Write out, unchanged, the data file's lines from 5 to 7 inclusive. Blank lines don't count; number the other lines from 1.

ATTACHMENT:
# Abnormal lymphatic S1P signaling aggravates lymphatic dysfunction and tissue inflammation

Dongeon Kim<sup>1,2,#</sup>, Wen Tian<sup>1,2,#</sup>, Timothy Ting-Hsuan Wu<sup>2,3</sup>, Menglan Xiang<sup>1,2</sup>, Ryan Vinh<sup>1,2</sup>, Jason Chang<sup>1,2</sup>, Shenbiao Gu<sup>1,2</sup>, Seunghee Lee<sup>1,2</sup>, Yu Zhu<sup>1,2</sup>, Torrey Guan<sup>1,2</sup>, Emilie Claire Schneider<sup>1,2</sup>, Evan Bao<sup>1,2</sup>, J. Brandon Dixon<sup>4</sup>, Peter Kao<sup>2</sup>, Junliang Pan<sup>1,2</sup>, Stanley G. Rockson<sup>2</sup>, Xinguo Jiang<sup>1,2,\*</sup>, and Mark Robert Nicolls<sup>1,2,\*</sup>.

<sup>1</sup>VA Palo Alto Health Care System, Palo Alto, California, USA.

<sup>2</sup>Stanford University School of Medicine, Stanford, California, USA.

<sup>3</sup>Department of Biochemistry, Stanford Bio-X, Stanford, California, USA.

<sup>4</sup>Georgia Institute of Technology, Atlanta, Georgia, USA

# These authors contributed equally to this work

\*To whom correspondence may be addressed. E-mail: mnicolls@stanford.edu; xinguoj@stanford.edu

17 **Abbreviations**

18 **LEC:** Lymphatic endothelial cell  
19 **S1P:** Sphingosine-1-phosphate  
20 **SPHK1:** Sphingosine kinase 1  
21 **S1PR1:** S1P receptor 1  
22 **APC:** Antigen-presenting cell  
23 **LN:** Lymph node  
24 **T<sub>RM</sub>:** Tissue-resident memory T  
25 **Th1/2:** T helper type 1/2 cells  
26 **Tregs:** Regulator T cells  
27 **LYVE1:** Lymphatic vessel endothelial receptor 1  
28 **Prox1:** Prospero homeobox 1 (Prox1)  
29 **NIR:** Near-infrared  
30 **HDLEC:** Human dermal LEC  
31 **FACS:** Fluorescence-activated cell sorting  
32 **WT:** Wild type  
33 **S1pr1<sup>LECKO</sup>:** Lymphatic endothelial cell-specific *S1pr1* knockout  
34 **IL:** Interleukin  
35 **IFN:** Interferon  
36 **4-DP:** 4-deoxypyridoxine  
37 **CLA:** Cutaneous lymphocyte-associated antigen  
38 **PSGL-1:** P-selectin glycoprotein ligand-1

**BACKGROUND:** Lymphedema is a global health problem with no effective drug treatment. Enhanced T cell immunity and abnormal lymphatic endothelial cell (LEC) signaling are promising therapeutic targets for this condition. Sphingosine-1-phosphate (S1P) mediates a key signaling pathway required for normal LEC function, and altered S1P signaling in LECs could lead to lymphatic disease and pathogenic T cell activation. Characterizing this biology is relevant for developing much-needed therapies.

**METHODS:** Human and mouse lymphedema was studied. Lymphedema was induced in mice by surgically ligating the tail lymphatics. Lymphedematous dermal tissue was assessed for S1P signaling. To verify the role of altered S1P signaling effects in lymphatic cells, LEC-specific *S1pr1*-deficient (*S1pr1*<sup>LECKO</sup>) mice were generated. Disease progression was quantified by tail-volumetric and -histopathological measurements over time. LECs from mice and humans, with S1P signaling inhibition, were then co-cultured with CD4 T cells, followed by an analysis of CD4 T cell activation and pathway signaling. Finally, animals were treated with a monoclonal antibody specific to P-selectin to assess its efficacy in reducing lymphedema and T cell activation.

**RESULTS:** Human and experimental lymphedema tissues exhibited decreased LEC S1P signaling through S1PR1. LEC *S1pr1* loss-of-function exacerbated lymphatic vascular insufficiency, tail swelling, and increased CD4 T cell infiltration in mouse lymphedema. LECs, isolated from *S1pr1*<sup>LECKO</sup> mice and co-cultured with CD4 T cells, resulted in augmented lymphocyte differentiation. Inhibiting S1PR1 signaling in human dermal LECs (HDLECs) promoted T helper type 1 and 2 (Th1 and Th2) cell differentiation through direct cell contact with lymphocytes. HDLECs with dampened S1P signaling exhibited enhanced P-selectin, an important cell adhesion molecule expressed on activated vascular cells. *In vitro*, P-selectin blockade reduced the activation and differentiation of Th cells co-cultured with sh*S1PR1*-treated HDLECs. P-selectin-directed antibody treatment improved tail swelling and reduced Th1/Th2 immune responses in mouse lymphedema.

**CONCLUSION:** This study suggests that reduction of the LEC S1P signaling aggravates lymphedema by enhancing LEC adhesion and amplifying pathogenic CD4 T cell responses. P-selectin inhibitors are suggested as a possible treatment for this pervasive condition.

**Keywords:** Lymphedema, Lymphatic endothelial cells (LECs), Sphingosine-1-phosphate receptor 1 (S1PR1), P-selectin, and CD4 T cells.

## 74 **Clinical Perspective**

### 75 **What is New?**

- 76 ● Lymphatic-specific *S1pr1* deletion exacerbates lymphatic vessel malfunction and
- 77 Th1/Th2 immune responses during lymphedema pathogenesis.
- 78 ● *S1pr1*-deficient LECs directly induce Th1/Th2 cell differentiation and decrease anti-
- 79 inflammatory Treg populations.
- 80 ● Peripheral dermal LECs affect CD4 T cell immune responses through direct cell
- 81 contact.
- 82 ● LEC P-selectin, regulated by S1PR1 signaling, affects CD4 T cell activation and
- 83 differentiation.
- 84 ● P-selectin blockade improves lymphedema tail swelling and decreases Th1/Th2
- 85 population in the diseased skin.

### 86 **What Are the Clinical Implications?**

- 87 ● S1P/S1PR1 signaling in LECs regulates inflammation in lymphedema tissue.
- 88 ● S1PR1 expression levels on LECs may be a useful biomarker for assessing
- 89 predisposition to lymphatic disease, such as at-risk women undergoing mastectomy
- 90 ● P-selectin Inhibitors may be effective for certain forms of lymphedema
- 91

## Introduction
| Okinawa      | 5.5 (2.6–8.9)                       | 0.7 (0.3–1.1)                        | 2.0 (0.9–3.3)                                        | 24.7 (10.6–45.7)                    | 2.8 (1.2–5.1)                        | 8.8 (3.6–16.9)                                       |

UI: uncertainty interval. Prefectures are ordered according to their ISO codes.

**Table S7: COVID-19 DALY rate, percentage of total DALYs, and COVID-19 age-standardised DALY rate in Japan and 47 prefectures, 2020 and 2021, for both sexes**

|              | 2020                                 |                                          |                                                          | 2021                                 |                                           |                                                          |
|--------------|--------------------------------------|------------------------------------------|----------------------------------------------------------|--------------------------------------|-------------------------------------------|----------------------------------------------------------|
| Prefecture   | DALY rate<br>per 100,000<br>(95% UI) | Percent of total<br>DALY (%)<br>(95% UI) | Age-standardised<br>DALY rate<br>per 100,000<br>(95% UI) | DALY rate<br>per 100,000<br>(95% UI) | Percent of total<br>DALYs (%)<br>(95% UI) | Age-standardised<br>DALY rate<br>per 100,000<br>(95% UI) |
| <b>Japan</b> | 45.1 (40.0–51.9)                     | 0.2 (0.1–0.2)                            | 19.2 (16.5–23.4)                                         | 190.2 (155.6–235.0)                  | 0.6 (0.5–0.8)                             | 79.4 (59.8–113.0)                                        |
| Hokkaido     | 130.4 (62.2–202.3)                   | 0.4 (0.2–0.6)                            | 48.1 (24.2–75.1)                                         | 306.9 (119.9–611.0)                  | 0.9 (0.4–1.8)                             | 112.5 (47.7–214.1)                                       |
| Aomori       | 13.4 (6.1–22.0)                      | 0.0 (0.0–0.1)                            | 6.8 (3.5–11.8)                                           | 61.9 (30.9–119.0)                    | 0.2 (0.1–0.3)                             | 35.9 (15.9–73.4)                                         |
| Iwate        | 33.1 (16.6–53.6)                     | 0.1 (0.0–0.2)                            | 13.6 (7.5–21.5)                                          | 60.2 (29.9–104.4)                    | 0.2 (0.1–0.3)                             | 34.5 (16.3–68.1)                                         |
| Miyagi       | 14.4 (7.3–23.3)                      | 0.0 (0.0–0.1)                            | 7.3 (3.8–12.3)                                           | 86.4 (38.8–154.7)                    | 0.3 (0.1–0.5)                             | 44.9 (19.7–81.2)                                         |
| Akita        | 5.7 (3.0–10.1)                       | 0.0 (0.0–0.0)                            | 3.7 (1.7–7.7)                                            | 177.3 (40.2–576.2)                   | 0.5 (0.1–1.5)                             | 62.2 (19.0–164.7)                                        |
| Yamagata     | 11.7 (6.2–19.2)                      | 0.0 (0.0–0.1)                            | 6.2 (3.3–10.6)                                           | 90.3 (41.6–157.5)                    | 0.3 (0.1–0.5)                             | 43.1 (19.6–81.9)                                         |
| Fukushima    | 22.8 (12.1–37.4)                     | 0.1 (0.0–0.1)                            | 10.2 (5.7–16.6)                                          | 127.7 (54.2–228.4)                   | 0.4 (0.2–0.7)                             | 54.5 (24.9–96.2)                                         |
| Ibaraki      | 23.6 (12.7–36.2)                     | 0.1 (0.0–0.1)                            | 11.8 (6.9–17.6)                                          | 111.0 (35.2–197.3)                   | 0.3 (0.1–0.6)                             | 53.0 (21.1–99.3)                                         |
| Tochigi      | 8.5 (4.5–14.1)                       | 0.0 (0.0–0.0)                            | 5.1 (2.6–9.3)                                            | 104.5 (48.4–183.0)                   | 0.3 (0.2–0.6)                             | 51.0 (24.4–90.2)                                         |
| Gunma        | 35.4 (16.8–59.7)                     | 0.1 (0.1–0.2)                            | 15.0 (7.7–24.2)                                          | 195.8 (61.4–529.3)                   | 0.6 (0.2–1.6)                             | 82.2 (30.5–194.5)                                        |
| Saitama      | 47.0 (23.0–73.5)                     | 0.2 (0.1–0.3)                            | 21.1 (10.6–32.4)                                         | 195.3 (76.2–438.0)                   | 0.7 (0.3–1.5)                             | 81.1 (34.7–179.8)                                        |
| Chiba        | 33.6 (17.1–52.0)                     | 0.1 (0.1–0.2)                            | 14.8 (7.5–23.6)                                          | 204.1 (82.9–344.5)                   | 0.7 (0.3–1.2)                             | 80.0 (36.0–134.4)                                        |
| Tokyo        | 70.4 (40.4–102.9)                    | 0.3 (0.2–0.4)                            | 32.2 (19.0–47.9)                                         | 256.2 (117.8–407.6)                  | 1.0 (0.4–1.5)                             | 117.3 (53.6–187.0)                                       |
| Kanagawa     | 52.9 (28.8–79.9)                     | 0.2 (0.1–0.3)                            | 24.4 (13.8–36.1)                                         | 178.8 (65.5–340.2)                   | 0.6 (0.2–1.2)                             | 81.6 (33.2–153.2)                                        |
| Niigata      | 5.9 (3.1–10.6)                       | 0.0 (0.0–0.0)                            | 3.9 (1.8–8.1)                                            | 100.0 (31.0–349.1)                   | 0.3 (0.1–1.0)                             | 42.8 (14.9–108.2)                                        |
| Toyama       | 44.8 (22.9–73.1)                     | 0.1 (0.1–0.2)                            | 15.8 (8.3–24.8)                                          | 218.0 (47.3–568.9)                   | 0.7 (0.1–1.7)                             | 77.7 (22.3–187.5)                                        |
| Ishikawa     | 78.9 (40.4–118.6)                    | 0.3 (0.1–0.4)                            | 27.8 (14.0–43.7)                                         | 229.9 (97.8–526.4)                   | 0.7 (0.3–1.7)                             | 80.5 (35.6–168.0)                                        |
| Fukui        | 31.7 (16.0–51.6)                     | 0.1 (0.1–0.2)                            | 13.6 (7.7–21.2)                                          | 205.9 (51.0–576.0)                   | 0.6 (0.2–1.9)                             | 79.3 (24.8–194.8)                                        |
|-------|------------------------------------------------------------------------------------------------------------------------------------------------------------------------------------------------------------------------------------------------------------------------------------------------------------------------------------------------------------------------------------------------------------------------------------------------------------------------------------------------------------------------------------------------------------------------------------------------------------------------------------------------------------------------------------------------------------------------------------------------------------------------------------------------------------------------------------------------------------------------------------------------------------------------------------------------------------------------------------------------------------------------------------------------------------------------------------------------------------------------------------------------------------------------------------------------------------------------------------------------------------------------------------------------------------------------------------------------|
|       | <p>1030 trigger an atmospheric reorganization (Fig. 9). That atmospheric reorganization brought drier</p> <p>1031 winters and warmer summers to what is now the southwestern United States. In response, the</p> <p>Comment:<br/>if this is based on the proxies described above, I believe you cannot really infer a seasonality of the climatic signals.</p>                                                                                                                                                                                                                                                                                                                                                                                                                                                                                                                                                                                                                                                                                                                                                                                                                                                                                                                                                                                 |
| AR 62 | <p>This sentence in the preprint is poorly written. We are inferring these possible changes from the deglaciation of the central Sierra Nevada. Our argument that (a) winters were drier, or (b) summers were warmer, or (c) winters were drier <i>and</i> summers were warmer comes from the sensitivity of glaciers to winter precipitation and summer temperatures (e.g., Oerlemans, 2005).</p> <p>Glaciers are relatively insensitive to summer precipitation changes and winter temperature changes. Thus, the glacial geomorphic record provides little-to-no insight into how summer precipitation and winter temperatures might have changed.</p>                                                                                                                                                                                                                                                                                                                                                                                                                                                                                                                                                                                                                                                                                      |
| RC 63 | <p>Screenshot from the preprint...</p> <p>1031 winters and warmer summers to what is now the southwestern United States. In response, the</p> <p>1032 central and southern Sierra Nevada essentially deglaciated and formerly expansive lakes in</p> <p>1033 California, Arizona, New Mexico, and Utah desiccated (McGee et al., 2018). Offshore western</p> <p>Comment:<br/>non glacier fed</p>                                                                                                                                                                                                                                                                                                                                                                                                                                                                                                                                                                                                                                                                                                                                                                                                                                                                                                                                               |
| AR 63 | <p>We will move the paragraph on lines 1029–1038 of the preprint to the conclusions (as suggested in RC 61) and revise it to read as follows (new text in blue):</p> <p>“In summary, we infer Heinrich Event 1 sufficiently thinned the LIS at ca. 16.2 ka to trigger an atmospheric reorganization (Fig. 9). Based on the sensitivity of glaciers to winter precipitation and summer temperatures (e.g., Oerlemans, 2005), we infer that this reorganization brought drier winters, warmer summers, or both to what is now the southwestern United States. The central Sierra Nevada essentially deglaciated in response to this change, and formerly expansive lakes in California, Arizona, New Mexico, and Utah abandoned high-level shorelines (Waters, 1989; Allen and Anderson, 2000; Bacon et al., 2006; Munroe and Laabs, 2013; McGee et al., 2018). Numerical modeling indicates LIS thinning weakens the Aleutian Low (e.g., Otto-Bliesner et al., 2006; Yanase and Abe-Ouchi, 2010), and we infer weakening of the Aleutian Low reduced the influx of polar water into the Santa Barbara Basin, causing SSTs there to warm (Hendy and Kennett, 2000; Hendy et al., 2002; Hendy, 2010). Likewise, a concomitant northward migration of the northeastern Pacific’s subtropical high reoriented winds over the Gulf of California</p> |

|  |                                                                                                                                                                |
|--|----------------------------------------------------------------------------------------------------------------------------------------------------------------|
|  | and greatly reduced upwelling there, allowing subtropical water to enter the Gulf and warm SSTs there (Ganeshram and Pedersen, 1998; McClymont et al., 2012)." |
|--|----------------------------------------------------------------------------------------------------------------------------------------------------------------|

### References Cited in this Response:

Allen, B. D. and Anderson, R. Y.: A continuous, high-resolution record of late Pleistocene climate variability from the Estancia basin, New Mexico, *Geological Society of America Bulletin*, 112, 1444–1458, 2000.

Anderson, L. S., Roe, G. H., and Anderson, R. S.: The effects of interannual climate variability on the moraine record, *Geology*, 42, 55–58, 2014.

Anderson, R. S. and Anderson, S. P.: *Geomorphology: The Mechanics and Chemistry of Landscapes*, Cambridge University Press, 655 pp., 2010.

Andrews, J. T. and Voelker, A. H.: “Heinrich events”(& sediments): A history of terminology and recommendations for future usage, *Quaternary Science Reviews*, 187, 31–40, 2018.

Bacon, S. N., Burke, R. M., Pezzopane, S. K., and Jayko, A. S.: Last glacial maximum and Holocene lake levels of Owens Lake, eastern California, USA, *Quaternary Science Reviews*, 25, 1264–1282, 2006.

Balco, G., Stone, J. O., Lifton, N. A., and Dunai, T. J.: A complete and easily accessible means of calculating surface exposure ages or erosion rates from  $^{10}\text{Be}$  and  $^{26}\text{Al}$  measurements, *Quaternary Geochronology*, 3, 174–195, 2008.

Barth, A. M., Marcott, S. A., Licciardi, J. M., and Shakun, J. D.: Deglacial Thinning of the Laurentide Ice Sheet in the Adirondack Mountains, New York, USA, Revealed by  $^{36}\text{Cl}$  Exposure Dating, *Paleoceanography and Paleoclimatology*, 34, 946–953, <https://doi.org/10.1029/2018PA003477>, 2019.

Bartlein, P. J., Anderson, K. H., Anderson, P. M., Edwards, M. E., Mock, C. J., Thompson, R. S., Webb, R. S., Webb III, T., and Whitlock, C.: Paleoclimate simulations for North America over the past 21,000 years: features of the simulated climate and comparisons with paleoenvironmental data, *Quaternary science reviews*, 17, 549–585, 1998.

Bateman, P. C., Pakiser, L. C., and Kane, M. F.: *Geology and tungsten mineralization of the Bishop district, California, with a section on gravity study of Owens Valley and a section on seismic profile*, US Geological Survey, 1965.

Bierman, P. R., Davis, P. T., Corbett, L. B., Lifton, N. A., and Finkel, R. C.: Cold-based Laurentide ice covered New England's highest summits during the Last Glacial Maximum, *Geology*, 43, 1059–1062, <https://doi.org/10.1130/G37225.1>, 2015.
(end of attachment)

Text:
<sup>3</sup>Department of Biochemistry, Stanford Bio-X, Stanford, California, USA.

<sup>4</sup>Georgia Institute of Technology, Atlanta, Georgia, USA

# These authors contributed equally to this work